As indicated by the title of this post, this post will contain spoilers. If you haven’t yet read the book (and if you have, I would love your thoughts on this!) then I suggest getting a copy, reading it, then coming back.
FINAL SPOILER WARNING PUPPY!
Glancing over reviews on Goodreads, this book seems to provoke a love/hate reaction. Some feel the book might have sexist tones, and an ‘obsession’ with certain aspects of the female form. But to me, the book was less sexist in itself, than portraying the attitudes of the townsfolk. Grim seems to take a very dim view of women. He goes out of his way to protect the town, to try to make things right, and has clear views of what is right and what is wrong – but he still obsesses over the appearance of women. Personally I don’t think that’s reflective of the author, but of the character. Grim might be good at his job, but clearly living in the same town, unable to leave for any extended period of time, and being forced to watch over the same people day in, day out, with actually very little power, has taken its toll on him. And he’s as dismissive of the men, too.
One argument is that there’s no ‘positive’ female characters, but I think Jocelyn is quite positive. And even if she weren’t, personally, I don’t see any particularly positive male characters, either. Jocelyn definitely comes out much better than Steve who, after Tyler’s death, is so obsessed with it he doesn’t really seem to care about Matt, and thinks bitterly about ‘her son’ still being alive.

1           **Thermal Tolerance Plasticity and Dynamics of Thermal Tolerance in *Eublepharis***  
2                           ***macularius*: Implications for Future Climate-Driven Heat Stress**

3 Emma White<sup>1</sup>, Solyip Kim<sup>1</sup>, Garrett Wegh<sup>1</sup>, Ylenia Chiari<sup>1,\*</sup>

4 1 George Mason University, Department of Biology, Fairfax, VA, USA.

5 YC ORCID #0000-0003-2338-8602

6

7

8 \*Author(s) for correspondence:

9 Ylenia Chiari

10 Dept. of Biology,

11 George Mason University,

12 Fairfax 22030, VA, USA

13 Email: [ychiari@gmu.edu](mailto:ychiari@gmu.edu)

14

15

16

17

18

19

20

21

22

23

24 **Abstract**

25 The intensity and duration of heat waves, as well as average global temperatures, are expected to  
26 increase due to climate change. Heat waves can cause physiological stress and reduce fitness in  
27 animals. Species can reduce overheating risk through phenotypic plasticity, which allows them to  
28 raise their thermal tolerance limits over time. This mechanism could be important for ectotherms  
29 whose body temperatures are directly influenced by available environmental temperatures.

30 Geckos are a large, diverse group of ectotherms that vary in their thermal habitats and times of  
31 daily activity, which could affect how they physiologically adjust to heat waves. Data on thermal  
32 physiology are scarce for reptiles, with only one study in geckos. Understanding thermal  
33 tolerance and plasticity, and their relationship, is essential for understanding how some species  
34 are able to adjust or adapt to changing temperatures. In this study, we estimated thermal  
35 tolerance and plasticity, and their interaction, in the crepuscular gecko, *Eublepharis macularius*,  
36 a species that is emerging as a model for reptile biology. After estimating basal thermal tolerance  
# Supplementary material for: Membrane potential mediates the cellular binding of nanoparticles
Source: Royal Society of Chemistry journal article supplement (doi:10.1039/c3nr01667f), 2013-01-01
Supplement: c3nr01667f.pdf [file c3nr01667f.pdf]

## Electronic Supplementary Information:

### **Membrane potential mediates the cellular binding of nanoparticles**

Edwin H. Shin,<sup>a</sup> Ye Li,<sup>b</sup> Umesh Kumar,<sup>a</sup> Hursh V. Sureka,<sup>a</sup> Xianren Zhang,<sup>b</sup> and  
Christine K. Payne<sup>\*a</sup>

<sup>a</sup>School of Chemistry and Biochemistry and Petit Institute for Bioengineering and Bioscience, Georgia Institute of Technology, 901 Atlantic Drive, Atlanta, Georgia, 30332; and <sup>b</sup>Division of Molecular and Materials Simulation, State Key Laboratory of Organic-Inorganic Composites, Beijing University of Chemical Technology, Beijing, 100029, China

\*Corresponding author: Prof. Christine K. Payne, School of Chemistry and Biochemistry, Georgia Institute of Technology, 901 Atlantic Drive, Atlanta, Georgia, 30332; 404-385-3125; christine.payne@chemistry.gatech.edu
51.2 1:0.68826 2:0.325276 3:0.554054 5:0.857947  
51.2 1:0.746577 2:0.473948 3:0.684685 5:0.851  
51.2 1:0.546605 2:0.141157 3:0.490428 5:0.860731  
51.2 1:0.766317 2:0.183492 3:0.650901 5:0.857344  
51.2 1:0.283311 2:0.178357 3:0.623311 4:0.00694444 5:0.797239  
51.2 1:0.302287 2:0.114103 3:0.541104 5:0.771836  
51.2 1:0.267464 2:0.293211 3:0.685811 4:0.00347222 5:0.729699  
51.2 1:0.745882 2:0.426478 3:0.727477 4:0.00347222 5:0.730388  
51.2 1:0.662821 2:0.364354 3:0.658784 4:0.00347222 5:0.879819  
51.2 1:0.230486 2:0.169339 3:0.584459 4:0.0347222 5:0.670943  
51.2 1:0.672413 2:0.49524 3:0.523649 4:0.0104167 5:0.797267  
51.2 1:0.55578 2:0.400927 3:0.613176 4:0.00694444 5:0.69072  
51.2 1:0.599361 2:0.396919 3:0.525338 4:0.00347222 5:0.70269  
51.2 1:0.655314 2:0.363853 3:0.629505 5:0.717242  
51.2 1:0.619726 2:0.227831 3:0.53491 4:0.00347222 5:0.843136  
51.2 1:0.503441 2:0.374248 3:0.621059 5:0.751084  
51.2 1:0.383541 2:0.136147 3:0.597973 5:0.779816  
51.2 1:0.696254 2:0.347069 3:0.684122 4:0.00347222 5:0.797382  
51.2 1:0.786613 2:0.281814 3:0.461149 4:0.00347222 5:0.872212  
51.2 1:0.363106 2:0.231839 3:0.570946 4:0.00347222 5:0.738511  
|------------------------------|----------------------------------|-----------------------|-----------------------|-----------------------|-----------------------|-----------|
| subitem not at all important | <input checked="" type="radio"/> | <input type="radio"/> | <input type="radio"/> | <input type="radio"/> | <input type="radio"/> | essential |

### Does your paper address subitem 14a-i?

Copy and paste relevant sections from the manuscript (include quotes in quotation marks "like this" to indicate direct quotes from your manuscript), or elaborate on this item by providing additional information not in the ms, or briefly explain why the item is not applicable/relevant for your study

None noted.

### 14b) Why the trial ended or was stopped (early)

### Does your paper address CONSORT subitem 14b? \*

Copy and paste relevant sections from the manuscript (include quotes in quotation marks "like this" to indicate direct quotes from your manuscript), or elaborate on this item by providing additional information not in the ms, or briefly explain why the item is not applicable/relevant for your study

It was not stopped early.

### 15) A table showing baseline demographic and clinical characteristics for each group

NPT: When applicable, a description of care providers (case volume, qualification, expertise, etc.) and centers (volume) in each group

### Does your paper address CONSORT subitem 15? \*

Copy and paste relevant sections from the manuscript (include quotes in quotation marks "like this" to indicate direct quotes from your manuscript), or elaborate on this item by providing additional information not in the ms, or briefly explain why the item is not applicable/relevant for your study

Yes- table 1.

Of course, one of the amazing things about books is that everyone takes away something different from different pieces of writing. The actions and thoughts of the characters can be seen as sexist and misogynistic, but I personally feel this was the characters, not the author, though without further works to read, it’s a hard judgement to make.
The book definitely carries a Pet Semetary vibe for me, and a complete Stephen King feel, from the strange small town where odd things happen, to the absolute humanity of the characters. They feel real, and they do things – good and bad – that make sense. They try to protect loved ones, and hurt when they fail.
It’s easy to see early on that Katherine isn’t the real evil in the town. She’s creepy, yes, but that feels like it’s because of the interference by the townsfolk. She’s creepy because they made her creepy. And in a trope any horror fan will recognise (*cough* Mama *cough*), at the end of the day she is a lost mother mourning her children, who ends up – not in the best way – replacing them. The attacks are her self-defence mechanism, and when the town becomes a nightmarish hell hole, it’s less because of Katherine and more mass hysteria.
Overall, if I haven’t made it clear already, Heuvelt has written something which has quickly become one of my favourite horror novels. This is the first English translation of one of his novels, and I really hope it’s the first of many.